Last Friday, October 16th, Alberta Cross released their third full-length and Dine Alone Records debut. The album is self-titled, which is an appropriate choice considering that it marks something of a new beginning for bandleader Petter Ericson Stakee. In 2013, about a year after Alberta Cross’s sophomore album, Songs of Patience, came out, founding bassist Terry Wolfers left the band. This meant Stakee was the sole original member and allowed him to move the project in directions it might not have gone with Wolfers.
Stakee notes, “This is the first time I’ve done everything myself,” he says. “It kind of brought it back to where I’d started. I’m excited now because I’ve taken it back. I made this record…I wrote all the songs. It’s a fresh start for me. That’s why it’s self-titled.” Many of the songs on Alberta Cross add vibrant horns to a folky, southern rock sound. That includes the second track, “Ghost of Santa Fe,” which indirectly addresses Stakee’s solitude in creating the album. “Santa Fe’s” lyrics deal with searching, for ghosts, the past, and himself.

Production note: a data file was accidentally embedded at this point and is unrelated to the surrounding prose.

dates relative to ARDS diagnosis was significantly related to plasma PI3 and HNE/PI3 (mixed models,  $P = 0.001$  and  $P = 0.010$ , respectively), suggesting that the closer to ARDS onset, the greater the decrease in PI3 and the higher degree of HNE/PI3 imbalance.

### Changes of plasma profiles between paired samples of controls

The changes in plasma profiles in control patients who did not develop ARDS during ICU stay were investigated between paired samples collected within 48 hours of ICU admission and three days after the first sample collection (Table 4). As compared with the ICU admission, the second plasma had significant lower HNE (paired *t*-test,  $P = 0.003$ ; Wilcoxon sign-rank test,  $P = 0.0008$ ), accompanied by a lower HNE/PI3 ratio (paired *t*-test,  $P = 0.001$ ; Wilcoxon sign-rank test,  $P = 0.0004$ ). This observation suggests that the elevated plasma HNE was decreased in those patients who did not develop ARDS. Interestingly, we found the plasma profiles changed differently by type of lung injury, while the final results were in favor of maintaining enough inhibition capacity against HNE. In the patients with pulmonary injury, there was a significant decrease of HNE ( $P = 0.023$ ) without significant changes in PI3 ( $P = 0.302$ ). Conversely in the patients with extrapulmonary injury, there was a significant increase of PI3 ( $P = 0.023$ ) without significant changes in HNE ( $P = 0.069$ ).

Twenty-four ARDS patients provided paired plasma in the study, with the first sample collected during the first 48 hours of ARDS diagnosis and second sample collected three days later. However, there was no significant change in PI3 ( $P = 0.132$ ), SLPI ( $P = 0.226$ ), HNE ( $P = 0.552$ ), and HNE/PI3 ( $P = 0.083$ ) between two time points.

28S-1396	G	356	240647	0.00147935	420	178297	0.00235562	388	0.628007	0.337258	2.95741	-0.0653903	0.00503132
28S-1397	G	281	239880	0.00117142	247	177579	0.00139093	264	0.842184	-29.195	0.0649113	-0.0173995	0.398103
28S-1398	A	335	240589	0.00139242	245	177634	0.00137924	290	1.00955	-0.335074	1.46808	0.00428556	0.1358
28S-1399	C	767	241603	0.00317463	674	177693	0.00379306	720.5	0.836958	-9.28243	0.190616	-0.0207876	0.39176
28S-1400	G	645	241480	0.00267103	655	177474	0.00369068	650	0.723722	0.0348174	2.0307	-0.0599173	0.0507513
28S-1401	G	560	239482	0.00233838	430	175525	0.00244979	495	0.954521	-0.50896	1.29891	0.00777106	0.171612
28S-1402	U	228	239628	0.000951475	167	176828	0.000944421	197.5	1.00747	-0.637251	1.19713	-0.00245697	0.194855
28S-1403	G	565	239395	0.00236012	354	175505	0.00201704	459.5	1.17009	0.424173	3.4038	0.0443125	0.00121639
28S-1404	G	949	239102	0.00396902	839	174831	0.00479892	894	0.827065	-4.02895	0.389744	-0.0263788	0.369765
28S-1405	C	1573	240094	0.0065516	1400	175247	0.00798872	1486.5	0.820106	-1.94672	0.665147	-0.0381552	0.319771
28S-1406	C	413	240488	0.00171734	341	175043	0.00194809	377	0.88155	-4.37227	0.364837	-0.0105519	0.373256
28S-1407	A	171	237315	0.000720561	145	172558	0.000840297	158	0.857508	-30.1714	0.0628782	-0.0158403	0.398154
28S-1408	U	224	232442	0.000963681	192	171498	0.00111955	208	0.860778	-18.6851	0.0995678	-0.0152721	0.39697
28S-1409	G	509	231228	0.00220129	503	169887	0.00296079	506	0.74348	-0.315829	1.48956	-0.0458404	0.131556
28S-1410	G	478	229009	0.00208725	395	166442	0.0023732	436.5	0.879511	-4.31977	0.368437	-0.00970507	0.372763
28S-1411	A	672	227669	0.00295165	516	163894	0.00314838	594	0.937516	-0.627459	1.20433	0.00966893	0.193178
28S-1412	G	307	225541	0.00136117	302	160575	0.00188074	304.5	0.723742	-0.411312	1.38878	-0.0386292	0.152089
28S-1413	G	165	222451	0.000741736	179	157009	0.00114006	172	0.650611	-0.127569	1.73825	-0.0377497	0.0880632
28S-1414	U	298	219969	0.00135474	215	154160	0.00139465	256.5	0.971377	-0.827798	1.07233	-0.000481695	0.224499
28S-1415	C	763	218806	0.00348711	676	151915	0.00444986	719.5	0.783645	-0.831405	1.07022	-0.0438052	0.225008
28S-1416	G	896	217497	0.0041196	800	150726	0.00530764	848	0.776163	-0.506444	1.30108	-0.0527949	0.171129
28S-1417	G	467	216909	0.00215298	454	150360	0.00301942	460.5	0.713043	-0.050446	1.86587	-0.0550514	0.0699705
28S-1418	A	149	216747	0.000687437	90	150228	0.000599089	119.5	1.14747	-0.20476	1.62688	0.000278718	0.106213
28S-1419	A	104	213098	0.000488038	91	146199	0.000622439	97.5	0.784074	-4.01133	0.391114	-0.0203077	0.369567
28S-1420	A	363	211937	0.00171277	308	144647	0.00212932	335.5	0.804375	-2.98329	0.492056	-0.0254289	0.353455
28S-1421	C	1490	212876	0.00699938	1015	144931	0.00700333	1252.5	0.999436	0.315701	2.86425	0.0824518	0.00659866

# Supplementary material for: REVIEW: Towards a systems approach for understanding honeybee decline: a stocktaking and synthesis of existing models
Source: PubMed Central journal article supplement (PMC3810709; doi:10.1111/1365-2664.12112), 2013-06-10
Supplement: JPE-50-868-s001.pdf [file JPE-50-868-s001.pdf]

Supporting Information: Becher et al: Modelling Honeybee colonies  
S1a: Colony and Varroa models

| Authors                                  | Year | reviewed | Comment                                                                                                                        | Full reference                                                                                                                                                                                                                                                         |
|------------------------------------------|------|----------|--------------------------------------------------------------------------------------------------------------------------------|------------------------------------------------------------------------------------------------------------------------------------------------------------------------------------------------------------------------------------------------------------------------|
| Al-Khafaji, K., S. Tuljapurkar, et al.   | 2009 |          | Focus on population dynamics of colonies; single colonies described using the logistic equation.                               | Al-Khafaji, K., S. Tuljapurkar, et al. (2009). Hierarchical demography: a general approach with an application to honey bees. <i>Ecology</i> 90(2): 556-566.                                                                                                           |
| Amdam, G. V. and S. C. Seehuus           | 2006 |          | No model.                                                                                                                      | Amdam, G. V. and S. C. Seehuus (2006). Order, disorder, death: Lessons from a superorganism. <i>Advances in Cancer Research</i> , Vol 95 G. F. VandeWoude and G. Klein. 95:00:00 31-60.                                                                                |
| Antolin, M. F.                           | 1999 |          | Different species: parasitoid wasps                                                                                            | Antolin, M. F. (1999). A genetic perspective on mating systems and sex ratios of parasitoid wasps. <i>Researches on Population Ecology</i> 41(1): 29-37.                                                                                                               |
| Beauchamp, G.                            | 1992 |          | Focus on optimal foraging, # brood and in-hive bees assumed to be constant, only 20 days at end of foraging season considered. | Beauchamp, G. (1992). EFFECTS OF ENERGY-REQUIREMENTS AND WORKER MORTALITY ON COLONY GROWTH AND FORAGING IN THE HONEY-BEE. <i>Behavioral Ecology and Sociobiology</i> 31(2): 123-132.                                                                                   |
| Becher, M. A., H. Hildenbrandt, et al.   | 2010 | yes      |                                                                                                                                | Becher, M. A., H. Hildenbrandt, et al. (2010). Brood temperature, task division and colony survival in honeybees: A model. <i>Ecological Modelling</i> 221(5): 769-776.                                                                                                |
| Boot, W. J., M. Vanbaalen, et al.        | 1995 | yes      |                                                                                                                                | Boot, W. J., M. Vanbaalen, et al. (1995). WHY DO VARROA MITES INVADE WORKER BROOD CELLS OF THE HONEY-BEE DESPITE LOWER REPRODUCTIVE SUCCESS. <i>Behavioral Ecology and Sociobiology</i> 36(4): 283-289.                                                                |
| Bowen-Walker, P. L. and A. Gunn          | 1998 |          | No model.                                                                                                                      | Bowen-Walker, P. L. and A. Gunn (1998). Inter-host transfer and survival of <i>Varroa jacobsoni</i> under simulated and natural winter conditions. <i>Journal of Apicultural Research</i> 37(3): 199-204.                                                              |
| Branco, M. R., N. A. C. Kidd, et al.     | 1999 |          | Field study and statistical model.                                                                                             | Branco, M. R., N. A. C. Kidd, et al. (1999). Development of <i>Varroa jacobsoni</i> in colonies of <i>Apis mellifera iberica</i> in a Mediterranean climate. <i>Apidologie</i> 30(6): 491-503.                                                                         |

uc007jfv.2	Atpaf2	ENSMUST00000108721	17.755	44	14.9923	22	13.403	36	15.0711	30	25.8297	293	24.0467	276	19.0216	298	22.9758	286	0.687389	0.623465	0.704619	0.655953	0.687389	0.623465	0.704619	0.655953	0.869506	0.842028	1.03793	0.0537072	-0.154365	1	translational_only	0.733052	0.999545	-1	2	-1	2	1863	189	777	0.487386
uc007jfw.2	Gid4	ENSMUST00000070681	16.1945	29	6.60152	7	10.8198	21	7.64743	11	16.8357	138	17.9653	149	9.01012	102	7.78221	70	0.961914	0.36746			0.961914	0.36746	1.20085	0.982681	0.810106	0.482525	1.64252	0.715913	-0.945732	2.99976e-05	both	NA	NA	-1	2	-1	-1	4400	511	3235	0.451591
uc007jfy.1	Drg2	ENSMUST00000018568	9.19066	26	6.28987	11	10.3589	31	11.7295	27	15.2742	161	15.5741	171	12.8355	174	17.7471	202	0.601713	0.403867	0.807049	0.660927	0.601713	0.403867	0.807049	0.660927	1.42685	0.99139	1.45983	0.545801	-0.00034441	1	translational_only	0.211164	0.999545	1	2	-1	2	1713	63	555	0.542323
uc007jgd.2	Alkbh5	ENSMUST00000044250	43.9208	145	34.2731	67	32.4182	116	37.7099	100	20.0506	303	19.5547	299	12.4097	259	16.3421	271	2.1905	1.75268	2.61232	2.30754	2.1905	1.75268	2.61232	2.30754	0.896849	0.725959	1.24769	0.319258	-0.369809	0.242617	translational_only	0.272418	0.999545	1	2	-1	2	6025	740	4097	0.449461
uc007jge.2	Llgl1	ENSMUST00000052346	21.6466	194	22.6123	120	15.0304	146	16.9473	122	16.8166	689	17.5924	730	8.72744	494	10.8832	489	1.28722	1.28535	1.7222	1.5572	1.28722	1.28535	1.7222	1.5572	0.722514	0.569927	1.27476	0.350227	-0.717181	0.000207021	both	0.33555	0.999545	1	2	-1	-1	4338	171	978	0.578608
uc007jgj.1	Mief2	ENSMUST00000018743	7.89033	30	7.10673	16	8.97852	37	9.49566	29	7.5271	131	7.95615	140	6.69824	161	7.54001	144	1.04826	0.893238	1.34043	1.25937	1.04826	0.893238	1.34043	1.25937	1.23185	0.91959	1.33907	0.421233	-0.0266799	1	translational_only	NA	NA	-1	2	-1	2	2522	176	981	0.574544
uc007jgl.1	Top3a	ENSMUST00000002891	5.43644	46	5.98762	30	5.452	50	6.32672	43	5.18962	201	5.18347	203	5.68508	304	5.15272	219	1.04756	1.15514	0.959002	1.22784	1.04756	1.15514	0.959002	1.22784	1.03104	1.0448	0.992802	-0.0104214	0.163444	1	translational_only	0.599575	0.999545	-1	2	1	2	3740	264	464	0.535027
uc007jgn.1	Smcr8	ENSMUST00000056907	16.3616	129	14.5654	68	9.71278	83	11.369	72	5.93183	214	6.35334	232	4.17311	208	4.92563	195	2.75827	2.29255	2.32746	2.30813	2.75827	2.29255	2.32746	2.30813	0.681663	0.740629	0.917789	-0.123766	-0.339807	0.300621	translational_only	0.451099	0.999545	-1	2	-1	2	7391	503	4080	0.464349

Before recording Alberta Cross, Stakee played a series of late night jam sessions with a variety of musicians in a friend’s Greenwich Village bar. “Those nights really inspired this record,” the musician said of the jam sessions. This inspiration shows itself in the fluidity of the album’s tracks and in the addition of many instruments, like the mandolin and French horn, to Alberta Cross.
Alberta Cross is a rebirth for the band and Stakee. Creatively, it is a return to the beginning for Stakee himself. Sonically, however, the record scales up rather than down, successfully incorporating a slew of instruments into the music.
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